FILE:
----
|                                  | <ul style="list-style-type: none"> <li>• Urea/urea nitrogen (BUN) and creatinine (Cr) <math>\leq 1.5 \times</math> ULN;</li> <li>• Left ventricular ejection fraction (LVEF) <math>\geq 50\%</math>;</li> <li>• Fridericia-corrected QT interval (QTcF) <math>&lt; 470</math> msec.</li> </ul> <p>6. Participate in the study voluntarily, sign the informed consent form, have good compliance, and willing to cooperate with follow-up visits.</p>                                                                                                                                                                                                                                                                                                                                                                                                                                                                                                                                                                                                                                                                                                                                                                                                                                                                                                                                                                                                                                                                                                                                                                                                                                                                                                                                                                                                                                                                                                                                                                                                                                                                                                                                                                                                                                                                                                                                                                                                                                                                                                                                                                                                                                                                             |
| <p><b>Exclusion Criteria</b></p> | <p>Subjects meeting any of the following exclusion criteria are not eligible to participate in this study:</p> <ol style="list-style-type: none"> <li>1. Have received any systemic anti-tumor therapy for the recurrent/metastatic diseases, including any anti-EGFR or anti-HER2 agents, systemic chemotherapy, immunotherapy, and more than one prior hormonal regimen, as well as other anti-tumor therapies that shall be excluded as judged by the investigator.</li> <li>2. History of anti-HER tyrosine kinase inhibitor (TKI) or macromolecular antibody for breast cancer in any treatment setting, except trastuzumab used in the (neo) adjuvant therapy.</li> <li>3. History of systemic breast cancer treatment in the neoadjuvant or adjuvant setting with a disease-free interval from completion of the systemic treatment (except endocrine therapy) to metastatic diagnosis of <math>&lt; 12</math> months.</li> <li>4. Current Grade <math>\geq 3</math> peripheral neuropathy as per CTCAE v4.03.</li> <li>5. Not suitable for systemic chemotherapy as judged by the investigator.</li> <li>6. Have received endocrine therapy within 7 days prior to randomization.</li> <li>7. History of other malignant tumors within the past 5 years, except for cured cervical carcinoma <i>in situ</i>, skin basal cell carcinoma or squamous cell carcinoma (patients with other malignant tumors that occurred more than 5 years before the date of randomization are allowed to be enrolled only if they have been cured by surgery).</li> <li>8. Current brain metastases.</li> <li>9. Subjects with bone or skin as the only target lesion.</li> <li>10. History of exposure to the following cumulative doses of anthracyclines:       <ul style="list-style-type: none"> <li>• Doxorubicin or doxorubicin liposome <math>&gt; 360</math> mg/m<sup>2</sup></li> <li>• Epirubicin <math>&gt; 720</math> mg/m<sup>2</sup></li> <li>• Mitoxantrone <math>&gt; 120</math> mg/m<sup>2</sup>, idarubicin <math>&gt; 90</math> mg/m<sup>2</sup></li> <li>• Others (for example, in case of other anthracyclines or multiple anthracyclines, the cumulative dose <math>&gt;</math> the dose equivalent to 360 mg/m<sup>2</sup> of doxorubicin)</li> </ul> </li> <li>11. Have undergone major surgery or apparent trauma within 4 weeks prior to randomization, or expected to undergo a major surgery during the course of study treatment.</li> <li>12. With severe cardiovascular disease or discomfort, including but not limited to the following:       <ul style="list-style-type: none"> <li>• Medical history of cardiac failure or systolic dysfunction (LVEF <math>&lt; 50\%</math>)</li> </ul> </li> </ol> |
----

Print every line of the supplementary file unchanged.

|                                  | <ul style="list-style-type: none"> <li>• Urea/urea nitrogen (BUN) and creatinine (Cr) <math>\leq 1.5 \times</math> ULN;</li> <li>• Left ventricular ejection fraction (LVEF) <math>\geq 50\%</math>;</li> <li>• Fridericia-corrected QT interval (QTcF) <math>&lt; 470</math> msec.</li> </ul> <p>6. Participate in the study voluntarily, sign the informed consent form, have good compliance, and willing to cooperate with follow-up visits.</p>                                                                                                                                                                                                                                                                                                                                                                                                                                                                                                                                                                                                                                                                                                                                                                                                                                                                                                                                                                                                                                                                                                                                                                                                                                                                                                                                                                                                                                                                                                                                                                                                                                                                                                                                                                                                                                                                                                                                                                                                                                                                                                                                                                                                                                                                             |
| <p><b>Exclusion Criteria</b></p> | <p>Subjects meeting any of the following exclusion criteria are not eligible to participate in this study:</p> <ol style="list-style-type: none"> <li>1. Have received any systemic anti-tumor therapy for the recurrent/metastatic diseases, including any anti-EGFR or anti-HER2 agents, systemic chemotherapy, immunotherapy, and more than one prior hormonal regimen, as well as other anti-tumor therapies that shall be excluded as judged by the investigator.</li> <li>2. History of anti-HER tyrosine kinase inhibitor (TKI) or macromolecular antibody for breast cancer in any treatment setting, except trastuzumab used in the (neo) adjuvant therapy.</li> <li>3. History of systemic breast cancer treatment in the neoadjuvant or adjuvant setting with a disease-free interval from completion of the systemic treatment (except endocrine therapy) to metastatic diagnosis of <math>&lt; 12</math> months.</li> <li>4. Current Grade <math>\geq 3</math> peripheral neuropathy as per CTCAE v4.03.</li> <li>5. Not suitable for systemic chemotherapy as judged by the investigator.</li> <li>6. Have received endocrine therapy within 7 days prior to randomization.</li> <li>7. History of other malignant tumors within the past 5 years, except for cured cervical carcinoma <i>in situ</i>, skin basal cell carcinoma or squamous cell carcinoma (patients with other malignant tumors that occurred more than 5 years before the date of randomization are allowed to be enrolled only if they have been cured by surgery).</li> <li>8. Current brain metastases.</li> <li>9. Subjects with bone or skin as the only target lesion.</li> <li>10. History of exposure to the following cumulative doses of anthracyclines:       <ul style="list-style-type: none"> <li>• Doxorubicin or doxorubicin liposome <math>&gt; 360</math> mg/m<sup>2</sup></li> <li>• Epirubicin <math>&gt; 720</math> mg/m<sup>2</sup></li> <li>• Mitoxantrone <math>&gt; 120</math> mg/m<sup>2</sup>, idarubicin <math>&gt; 90</math> mg/m<sup>2</sup></li> <li>• Others (for example, in case of other anthracyclines or multiple anthracyclines, the cumulative dose <math>&gt;</math> the dose equivalent to 360 mg/m<sup>2</sup> of doxorubicin)</li> </ul> </li> <li>11. Have undergone major surgery or apparent trauma within 4 weeks prior to randomization, or expected to undergo a major surgery during the course of study treatment.</li> <li>12. With severe cardiovascular disease or discomfort, including but not limited to the following:       <ul style="list-style-type: none"> <li>• Medical history of cardiac failure or systolic dysfunction (LVEF <math>&lt; 50\%</math>)</li> </ul> </li> </ol> |